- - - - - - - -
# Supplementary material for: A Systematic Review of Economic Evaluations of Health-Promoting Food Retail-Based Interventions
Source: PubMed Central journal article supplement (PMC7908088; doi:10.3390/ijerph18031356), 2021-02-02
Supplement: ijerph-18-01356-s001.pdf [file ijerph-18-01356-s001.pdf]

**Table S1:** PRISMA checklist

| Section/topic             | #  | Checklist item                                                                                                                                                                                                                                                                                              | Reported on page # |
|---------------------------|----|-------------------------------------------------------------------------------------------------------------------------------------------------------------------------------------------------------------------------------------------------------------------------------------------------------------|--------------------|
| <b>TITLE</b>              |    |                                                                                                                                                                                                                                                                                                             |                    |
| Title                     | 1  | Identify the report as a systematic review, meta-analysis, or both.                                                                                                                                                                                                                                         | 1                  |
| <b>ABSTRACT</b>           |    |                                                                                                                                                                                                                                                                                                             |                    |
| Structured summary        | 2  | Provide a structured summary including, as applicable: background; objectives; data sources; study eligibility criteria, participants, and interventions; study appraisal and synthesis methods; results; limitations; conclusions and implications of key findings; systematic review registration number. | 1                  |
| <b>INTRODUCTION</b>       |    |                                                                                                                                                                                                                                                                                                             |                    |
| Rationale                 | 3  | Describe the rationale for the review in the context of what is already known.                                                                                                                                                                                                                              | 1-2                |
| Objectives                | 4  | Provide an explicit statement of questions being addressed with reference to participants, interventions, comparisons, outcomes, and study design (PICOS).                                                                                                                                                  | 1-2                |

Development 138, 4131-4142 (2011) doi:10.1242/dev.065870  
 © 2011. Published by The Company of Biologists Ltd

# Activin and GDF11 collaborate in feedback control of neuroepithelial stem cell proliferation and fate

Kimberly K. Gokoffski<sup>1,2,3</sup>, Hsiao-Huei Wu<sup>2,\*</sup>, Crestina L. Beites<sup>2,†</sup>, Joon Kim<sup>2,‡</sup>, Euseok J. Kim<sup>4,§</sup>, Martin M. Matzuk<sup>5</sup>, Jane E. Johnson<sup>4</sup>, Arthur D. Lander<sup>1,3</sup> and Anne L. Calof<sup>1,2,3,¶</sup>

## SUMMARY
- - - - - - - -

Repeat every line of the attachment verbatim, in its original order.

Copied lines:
# Supplementary material for: A Systematic Review of Economic Evaluations of Health-Promoting Food Retail-Based Interventions
Source: PubMed Central journal article supplement (PMC7908088; doi:10.3390/ijerph18031356), 2021-02-02
Supplement: ijerph-18-01356-s001.pdf [file ijerph-18-01356-s001.pdf]

**Table S1:** PRISMA checklist

| Section/topic             | #  | Checklist item                                                                                                                                                                                                                                                                                              | Reported on page # |
|---------------------------|----|-------------------------------------------------------------------------------------------------------------------------------------------------------------------------------------------------------------------------------------------------------------------------------------------------------------|--------------------|
| <b>TITLE</b>              |    |                                                                                                                                                                                                                                                                                                             |                    |
| Title                     | 1  | Identify the report as a systematic review, meta-analysis, or both.                                                                                                                                                                                                                                         | 1                  |
| <b>ABSTRACT</b>           |    |                                                                                                                                                                                                                                                                                                             |                    |
| Structured summary        | 2  | Provide a structured summary including, as applicable: background; objectives; data sources; study eligibility criteria, participants, and interventions; study appraisal and synthesis methods; results; limitations; conclusions and implications of key findings; systematic review registration number. | 1                  |
| <b>INTRODUCTION</b>       |    |                                                                                                                                                                                                                                                                                                             |                    |
| Rationale                 | 3  | Describe the rationale for the review in the context of what is already known.                                                                                                                                                                                                                              | 1-2                |
| Objectives                | 4  | Provide an explicit statement of questions being addressed with reference to participants, interventions, comparisons, outcomes, and study design (PICOS).                                                                                                                                                  | 1-2                |

Development 138, 4131-4142 (2011) doi:10.1242/dev.065870  
 © 2011. Published by The Company of Biologists Ltd

# Activin and GDF11 collaborate in feedback control of neuroepithelial stem cell proliferation and fate

Kimberly K. Gokoffski<sup>1,2,3</sup>, Hsiao-Huei Wu<sup>2,\*</sup>, Crestina L. Beites<sup>2,†</sup>, Joon Kim<sup>2,‡</sup>, Euseok J. Kim<sup>4,§</sup>, Martin M. Matzuk<sup>5</sup>, Jane E. Johnson<sup>4</sup>, Arthur D. Lander<sup>1,3</sup> and Anne L. Calof<sup>1,2,3,¶</sup>

## SUMMARY